this section displays the maximum taxable earnings from 1937 to the current year.
     The current Social Security tax rate (6.2 percent in 2018) is applied each year to the maximum
     earnings subject to Social Security. If a client has one employer, Social Security tax is withheld
     up to the maximum limit, and no tax is applied to or withheld for any further income. In some
     cases, clients with multiple employers may have tax withheld up to the maximum from more
     than one job. The client would then apply for a refund of the overpaid Social Security tax on his
     or her personal income tax return filed the following year.
     The Medicare portion of the Social Security payroll tax, currently at 1.45 percent for 2018, is ap-
     plied to all wages. There is no maximum wage limit for this tax. An additional 0.9 percent Medi-
     care tax is imposed on single earned income in excess of $200,000 and joint earned income in
     excess of $250,000 beginning in 2013 as part of the Patient Protection and Affordable Care Act.
     The employer matches both the Social Security tax of 6.2 percent and the Medicare portion of
     1.45 percent on each employee’s wage. Employers do not match the additional 0.9 percent ex-
     cess earnings Medicare tax.
     A self-employed person pays both the employee and the employer portion of these taxes. Their
     effective rates are 12.4 percent and 2.9 percent for the Social Security tax and Medicare tax, re-
     spectively.



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Social Security planning                                 Chapter 1 – Background and basics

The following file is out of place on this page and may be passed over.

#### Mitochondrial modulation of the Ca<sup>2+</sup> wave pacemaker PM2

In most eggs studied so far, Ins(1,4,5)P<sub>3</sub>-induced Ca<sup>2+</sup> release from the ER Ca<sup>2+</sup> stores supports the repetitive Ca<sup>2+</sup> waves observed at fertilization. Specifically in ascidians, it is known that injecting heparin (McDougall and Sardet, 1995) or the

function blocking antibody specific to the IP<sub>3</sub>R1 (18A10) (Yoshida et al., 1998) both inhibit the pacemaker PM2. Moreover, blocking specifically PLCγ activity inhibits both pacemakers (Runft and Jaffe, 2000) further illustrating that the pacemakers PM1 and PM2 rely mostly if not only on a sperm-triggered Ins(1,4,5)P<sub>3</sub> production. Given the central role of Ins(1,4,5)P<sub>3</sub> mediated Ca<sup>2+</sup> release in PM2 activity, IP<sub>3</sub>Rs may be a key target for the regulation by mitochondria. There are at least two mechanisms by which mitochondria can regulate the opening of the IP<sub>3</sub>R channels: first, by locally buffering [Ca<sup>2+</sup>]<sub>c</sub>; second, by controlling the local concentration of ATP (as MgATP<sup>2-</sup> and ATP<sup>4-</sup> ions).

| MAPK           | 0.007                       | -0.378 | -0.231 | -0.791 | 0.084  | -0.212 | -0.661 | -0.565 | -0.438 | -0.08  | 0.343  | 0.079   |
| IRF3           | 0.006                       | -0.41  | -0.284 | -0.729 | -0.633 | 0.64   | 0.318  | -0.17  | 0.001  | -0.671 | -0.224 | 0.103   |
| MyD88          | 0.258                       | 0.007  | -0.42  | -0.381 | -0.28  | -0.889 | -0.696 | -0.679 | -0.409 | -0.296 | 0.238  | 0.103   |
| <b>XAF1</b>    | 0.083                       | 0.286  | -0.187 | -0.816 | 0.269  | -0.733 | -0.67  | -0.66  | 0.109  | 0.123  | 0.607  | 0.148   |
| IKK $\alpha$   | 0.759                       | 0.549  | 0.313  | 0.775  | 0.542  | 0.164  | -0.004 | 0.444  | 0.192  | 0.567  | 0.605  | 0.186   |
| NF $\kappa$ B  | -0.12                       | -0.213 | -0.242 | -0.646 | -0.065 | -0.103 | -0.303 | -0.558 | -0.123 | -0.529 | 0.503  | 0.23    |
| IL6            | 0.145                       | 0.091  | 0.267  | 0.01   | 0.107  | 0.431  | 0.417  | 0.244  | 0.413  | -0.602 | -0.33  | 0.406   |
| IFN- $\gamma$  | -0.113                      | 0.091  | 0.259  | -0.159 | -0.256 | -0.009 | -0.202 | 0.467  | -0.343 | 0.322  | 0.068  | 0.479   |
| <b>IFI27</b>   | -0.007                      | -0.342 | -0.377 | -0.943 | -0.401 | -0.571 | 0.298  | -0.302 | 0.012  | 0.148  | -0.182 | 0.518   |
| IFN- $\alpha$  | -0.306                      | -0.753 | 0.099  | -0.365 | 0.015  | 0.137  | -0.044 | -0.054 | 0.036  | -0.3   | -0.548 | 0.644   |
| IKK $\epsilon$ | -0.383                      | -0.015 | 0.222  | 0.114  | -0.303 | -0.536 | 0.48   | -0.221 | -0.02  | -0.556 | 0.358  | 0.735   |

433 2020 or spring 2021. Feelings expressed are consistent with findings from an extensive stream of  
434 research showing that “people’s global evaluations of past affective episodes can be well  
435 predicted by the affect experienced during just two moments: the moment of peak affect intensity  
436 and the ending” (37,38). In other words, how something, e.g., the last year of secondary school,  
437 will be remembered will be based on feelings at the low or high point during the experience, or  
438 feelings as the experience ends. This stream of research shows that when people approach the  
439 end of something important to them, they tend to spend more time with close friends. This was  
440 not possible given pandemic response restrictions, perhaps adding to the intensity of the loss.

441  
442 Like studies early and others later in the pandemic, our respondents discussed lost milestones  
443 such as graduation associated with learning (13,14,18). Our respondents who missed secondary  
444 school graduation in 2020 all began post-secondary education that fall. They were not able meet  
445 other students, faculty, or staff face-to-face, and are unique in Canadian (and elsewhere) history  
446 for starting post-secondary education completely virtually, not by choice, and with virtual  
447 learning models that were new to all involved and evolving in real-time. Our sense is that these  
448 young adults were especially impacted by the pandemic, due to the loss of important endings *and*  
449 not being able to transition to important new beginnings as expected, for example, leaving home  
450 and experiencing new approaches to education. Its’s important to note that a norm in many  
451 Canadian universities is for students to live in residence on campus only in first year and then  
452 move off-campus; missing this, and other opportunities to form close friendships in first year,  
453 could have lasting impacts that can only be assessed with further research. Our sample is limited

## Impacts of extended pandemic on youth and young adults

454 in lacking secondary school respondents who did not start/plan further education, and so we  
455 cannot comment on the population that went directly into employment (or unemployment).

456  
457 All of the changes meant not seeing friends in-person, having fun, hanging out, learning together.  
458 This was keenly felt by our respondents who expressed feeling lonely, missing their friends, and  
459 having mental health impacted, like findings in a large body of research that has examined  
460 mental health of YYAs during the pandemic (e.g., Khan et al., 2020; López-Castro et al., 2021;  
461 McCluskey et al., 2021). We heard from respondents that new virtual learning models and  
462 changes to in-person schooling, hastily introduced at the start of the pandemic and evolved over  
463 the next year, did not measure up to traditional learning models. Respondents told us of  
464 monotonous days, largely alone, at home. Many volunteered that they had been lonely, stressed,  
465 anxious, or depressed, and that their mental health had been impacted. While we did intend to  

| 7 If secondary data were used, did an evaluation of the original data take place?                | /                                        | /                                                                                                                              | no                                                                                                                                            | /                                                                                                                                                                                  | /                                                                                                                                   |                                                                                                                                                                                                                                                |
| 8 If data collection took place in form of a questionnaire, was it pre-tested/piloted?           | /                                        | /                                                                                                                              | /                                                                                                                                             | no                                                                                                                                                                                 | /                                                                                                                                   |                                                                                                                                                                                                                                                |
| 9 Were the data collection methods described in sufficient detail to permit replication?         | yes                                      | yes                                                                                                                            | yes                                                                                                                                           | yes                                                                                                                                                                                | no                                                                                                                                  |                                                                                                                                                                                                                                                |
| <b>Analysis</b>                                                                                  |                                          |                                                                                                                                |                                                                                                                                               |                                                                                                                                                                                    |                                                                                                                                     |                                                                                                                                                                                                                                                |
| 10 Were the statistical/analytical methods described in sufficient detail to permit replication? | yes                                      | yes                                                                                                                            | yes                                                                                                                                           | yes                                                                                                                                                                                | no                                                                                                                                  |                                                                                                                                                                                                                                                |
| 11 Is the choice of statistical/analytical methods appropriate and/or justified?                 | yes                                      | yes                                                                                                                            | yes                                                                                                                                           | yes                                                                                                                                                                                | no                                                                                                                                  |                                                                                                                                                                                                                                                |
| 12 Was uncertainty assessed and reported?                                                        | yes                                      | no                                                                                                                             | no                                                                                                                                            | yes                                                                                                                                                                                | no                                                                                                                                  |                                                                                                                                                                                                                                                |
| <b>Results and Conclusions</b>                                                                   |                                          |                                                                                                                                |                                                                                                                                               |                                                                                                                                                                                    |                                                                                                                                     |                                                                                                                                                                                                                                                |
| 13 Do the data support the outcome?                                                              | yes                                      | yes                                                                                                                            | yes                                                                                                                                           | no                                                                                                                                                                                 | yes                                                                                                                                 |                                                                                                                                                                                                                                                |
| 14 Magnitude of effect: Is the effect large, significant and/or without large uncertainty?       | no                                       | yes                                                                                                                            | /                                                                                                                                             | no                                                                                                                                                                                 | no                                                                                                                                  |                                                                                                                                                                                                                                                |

Maximum taxable earnings each year
                     Year Amount        Year  Amount       Year    Amount       Year    Amount
                 1937–50     $3,000     1980     $25,900    1994    $60,600     2008   $102,000
                 1951–54      3,600     1981      29,700    1995     61,200     2009    106,800
                 1955–58      4,200     1982      32,400    1996     62,700     2010    106,800
                 1959–65      4,800     1983      35,700    1997     65,400     2011    106,800
                 1966–67      6,600     1984      37,800    1998     68,400     2012    110,100
                 1968–71      7,800     1985      39,600    1999     72,600     2013    113,700
                     1972     9,000     1986      42,000    2000     76,200     2014    117,000
                     1973    10,800     1987      43,800    2001     80,400     2015    118,500
                     1974    13,200     1988      45,000    2002     84,900     2016    118,500
                     1975    14,100     1989      48,000    2003     87,000     2017    127,200
                     1976    15,300     1990      51,300    2004     87,900     2018    128,400
                     1977    16,500     1991      53,400    2005     90,000
                     1978    17,700     1992      55,500    2006     94,200
                     1979    22,900     1993      57,600    2007     97,500


      Source: www.socialsecurity.gov/planners/maxtax.htm


What qualifies as full retirement age?